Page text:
Lucy’s Warbler

Oreothlypis luciae
Range Map

This bird is one of only two warblers known to nest in cavities. It is also the smallest of all New World warblers. The breeding range for this bird centers on the state of Arizona, spilling over somewhat into neighboring states and northern Mexico.

Vermivora luciae is a name no longer in favor by ornithologists. Some literature addresses this bird as Leiothlypis luciae.

The habitat these birds prefer is riparian mesquite, cottonwood-willow, and sometimes sycamore-oak woodlands. They are at home in some of the driest and hottest areas in the American southwest and northwestern Mexico. We have reduced much of their breeding habitats by developing housing and commercial interests.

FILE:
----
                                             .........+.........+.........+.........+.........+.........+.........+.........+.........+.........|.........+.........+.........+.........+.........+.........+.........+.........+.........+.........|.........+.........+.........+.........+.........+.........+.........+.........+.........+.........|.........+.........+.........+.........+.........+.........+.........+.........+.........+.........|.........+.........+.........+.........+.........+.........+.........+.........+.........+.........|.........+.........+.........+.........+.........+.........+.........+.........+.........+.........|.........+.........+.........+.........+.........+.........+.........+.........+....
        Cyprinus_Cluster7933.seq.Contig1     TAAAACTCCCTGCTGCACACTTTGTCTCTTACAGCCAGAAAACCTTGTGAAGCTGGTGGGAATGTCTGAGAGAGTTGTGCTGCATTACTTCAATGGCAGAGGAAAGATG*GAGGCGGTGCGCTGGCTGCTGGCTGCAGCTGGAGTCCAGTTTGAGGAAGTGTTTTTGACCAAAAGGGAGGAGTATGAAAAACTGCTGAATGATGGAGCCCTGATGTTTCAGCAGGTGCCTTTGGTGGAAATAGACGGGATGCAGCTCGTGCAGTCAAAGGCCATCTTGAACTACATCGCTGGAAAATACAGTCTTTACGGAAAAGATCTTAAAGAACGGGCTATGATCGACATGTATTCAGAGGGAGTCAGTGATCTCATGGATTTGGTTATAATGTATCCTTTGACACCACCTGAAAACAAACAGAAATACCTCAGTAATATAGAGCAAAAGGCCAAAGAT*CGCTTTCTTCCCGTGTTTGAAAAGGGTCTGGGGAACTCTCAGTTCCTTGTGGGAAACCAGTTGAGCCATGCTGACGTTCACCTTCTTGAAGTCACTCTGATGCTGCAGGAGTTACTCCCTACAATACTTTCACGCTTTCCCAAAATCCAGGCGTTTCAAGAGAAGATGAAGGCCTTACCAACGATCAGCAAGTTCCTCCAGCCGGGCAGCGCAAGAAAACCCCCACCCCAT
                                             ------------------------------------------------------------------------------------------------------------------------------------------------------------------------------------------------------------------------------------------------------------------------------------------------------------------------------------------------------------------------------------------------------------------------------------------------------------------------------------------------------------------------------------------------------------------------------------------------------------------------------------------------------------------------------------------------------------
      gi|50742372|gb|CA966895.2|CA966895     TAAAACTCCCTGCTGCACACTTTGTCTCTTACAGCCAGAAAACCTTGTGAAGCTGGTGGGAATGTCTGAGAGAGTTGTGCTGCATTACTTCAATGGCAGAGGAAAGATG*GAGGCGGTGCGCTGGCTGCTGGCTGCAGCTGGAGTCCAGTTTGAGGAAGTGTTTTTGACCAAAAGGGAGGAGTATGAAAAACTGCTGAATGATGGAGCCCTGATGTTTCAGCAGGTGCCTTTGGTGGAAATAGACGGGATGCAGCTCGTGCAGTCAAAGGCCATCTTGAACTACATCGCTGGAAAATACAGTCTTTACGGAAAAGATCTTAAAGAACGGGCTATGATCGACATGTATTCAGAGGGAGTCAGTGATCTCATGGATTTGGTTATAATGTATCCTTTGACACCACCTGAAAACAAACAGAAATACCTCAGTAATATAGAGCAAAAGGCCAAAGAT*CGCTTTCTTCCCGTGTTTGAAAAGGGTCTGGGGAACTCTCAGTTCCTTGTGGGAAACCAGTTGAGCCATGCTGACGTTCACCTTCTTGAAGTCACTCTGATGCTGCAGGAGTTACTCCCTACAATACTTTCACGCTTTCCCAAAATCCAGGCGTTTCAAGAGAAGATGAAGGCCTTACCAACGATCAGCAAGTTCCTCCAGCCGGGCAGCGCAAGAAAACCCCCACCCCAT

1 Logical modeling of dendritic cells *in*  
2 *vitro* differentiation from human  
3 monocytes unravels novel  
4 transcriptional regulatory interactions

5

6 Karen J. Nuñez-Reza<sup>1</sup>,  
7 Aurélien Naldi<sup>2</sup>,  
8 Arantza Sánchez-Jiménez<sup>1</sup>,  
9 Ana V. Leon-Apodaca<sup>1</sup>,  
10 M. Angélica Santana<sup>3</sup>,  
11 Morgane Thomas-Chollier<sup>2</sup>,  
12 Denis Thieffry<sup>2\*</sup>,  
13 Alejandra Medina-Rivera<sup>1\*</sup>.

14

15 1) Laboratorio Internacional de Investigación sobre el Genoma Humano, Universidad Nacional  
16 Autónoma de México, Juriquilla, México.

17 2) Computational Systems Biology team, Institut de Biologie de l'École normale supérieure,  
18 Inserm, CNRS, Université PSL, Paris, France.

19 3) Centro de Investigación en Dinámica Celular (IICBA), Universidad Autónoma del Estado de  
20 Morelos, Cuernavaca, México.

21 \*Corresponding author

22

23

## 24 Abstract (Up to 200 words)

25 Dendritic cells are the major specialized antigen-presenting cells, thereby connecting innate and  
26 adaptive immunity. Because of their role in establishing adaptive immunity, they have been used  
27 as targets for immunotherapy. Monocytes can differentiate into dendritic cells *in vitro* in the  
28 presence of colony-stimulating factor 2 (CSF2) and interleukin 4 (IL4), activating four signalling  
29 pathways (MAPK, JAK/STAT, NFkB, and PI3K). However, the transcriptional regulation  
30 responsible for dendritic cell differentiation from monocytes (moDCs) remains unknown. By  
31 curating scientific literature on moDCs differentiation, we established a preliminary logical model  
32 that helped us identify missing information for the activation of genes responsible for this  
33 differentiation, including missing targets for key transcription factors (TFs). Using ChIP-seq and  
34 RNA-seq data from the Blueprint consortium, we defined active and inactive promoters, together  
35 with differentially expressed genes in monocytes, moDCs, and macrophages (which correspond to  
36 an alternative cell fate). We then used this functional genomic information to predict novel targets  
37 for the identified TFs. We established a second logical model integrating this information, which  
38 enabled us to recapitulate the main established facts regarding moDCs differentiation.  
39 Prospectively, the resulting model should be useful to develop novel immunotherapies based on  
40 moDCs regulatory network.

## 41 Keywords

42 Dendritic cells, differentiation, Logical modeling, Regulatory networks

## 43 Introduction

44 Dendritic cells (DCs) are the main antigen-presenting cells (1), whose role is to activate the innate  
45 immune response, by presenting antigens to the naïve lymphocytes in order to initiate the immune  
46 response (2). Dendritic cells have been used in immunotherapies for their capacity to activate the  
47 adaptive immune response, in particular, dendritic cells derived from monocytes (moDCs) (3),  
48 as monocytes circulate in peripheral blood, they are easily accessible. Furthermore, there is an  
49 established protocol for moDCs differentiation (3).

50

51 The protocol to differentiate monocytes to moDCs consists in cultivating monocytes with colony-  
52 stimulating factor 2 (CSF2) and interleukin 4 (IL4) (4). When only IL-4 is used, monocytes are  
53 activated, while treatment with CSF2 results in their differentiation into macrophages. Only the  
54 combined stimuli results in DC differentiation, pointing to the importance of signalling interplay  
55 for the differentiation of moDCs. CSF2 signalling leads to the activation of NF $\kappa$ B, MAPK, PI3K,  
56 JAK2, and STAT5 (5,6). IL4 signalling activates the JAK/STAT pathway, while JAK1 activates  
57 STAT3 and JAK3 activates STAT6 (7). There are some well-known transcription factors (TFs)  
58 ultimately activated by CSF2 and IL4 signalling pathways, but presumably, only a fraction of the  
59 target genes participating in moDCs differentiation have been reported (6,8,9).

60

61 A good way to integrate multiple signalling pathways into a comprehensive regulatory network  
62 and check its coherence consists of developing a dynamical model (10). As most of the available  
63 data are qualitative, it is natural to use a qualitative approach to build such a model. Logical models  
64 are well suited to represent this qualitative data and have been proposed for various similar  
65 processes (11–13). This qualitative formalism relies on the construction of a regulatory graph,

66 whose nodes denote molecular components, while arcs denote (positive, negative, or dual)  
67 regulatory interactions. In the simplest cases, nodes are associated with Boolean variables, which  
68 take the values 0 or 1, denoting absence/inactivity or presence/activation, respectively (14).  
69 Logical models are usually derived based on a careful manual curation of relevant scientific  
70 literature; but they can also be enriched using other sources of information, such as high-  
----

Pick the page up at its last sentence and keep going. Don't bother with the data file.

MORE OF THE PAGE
Researchers do not recognise any subspecies of Lucy’s Warbler (i.e. they are monotypic).

Most of my encounters with this species have come from southern Arizona. The rural region surrounding the small town of Arivaca has been a favorite location to meet these birds, but other Arizona locations have proved productive, such as Madera Canyon and Agua Caliente Park in northeastern Tucson.

My first meeting with a Lucy’s Warbler was my most unusual one. In February 2017, I accompanied researchers on a seagoing voyage to the Revillagigedo Islands 600 miles off the coast of Colima (Mexico). When we visited Isla Socorro, a Lucy’s Warbler was one of the bird species we met.

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